Verse 19. - Thou wilt say then unto me, Why doth he yet find fault? For who resisteth his will? Having shown that injustice cannot be imputed to God in hardening as well as having mercy on whom he will, the apostle now meets the supposed difficulty of understanding why men should be held guilty before God for but being as he wills them to be. It is immediately suggested by Pharaoh's case, which led to the conclusion, ὅν θέλει σκληρύνει; but the apostle foresees that an objection might be raised on this ground to his finding fault with the Jews for rejecting Christ, and them he especially has in view in what follows. It may be observed here that there is undoubtedly a difficulty to the human mind in reconciling theoretically Divine omnipotence with human free-will and responsibility. (On the general question, see notes on ch. 8.) St. Paul here, after his manner, does not attempt to solve the general problem, confining himself for the present to the Divine side of it. His answer, in vers. 20, 21, is simply to the effect that God has the absolute right as well as power to deal with his own creation as he pleases, and that man is in no position to "contend with the Almighty" (see Job 40:2). He brings in from the prophets the illustration of the potter's power and right over the clay, which he fashions and deals with as he chooses. It will be seen, however, as we go on, that this illustration by no means involves, as by some it has been supposed to do, the idea of rejection and condemnation irrespectively of desert.
Gill's Exposition of the Entire Bible
Thou wilt say then unto me,.... That is, thou wilt object to me; for this is another objection of the adversary, against the doctrine the apostle was advancing: and it is an objection of a mere natural man, of one given up to a reprobate mind, of an insolent hardened sinner; it discovers the enmity of the carnal mind to God; if is one of the high things that exalts itself against the knowledge of him; it is with a witness a stretching out of the hand against God, and strengthening a man's self against the Almighty; it is a running upon him, even upon the thick bosses of his bucklers; it carries in it the marks of ill nature, surliness, and rudeness, to the last degree:
why doth he yet find fault? The objector does not think fit to name the name of "God", or "the Lord", but calls him "he"; and a considerable emphasis lies upon the word "yet": what as if he should say, is he not content with the injustice he has already exercised, in passing by some, when he chose others; in leaving them to themselves, and hardening their hearts against him, and to go on in their own ways, which must unavoidably end in destruction; but after all this, is angry with them, finds fault with them, blames, accuses, and condemns them, for that which they cannot help; nay, for that which he himself wills? this is downright cruelty and tyranny. The objector seems to have a particular regard to the case of Pharaoh, the apostle had instanced in, when after God had declared that he had raised him up for this very purpose, to make known his power, and show forth his glory in all the world, still finds fault with him and says, "as yet exaltest thou thyself against my people, that thou wilt not let them go?" Exodus 9:17; and yet he himself had hardened his heart, and continued to harden his heart, that he might not let them go as yet; and when he had let them go, hardened his heart again to pursue after them, when he drowned him and his host in the Red sea; all which in this objection, is represented as unparalleled cruelty and unmercifulness; though it is not restrained to this particular case, but is designed to be applied to all other hardened persons; and to expose the unreasonableness of the divine proceedings, in hardening men at his pleasure; and then blaming them for acting as hardened ones, when he himself has made them so, and wills they should act in this manner:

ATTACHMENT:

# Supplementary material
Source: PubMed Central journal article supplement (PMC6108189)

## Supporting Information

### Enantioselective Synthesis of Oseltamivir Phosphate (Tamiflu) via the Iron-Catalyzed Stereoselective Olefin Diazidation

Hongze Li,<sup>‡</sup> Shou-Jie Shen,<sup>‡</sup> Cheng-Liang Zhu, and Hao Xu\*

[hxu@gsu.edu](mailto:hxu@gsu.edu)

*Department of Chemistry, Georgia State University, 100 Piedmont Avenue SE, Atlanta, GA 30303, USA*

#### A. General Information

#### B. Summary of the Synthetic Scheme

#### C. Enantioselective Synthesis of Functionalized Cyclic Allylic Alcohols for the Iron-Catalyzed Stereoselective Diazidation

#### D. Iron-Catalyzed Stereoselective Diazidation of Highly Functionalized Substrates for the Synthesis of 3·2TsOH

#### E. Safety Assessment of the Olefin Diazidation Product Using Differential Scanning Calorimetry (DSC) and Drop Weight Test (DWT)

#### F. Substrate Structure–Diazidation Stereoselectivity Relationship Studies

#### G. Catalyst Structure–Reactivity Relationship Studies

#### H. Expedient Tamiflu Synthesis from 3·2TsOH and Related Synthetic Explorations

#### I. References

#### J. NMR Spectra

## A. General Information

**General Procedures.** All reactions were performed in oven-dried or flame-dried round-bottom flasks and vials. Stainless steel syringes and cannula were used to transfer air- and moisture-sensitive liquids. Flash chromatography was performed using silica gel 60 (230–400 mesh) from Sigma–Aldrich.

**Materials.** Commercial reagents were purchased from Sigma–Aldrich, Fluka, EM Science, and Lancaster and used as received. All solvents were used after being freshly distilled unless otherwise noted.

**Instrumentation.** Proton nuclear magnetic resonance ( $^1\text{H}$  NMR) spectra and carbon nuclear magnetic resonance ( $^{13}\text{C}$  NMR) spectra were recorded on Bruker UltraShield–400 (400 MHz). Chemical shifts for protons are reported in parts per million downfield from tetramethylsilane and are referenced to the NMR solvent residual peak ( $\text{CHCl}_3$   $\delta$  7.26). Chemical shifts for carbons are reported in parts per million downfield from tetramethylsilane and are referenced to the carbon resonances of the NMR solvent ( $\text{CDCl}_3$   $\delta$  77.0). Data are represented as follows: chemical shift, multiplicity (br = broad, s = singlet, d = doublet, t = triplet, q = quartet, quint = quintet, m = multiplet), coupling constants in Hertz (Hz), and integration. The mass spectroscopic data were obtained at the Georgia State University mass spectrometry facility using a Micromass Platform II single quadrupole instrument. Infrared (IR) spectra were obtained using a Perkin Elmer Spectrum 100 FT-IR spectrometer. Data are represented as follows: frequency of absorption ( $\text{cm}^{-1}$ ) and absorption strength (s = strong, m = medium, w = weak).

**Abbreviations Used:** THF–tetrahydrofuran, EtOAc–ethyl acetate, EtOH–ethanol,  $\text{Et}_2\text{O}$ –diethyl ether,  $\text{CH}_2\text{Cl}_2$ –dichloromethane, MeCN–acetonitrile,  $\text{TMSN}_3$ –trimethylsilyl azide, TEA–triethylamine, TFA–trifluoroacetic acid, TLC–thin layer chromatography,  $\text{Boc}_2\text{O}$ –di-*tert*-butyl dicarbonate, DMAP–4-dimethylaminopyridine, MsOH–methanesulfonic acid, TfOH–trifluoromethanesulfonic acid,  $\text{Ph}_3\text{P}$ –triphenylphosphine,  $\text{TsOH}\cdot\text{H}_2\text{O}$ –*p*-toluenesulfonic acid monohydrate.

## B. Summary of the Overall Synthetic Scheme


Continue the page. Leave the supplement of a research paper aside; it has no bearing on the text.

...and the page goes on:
for who hath resisted his will? This is said in support of the former, and means not God's will of command, which is always resisted more or less, by wicked men and devils; but his will of purpose, his counsels and decrees, which stand firm and sure, and can never be resisted, so as to be frustrated and made void. This the objector takes up, and improves against God; that since he hardens whom he will, and there is no resisting his will, the fault then can never lie in them who are hardened, and who act as such, but in God; and therefore it must be unreasonable in him to be angry with, blame, accuse, and condemn persons for being and doing that, which he himself wills them to be and do. Let the disputers of this world, the reasoners of the present age, come and see their own faces, and read the whole strength of their objections, in this wicked man's; and from whence we may be assured, that since the objections are the same, the doctrine must be the same that is objected to: and this we gain however by it, that the doctrines of particular and personal election and reprobation, were the doctrines of the apostle; since against no other, with any face, or under any pretence, could such an objection be formed: next follows the apostle's answer.
Jamieson-Fausset-Brown Bible Commentary
19. Thou shalt say then unto me, Why—"Why then" is the true reading.
doth he yet find fault? for who hath resisted—"Who resisteth"
his will?—that is, "This doctrine is incompatible with human responsibility"; If God chooses and rejects, pardons and punishes, whom He pleases, why are those blamed who, if rejected by Him, cannot help sinning and perishing? This objection shows quite as conclusively as the former the real nature of the doctrine objected to—that it is Election and Non-election to eternal salvation prior to any difference of personal character; this is the only doctrine that could suggest the objection here stated, and to this doctrine the objection is plausible. What now is the apostle's answer? It is twofold. First: "It is irreverence and presumption in the creature to arraign the Creator."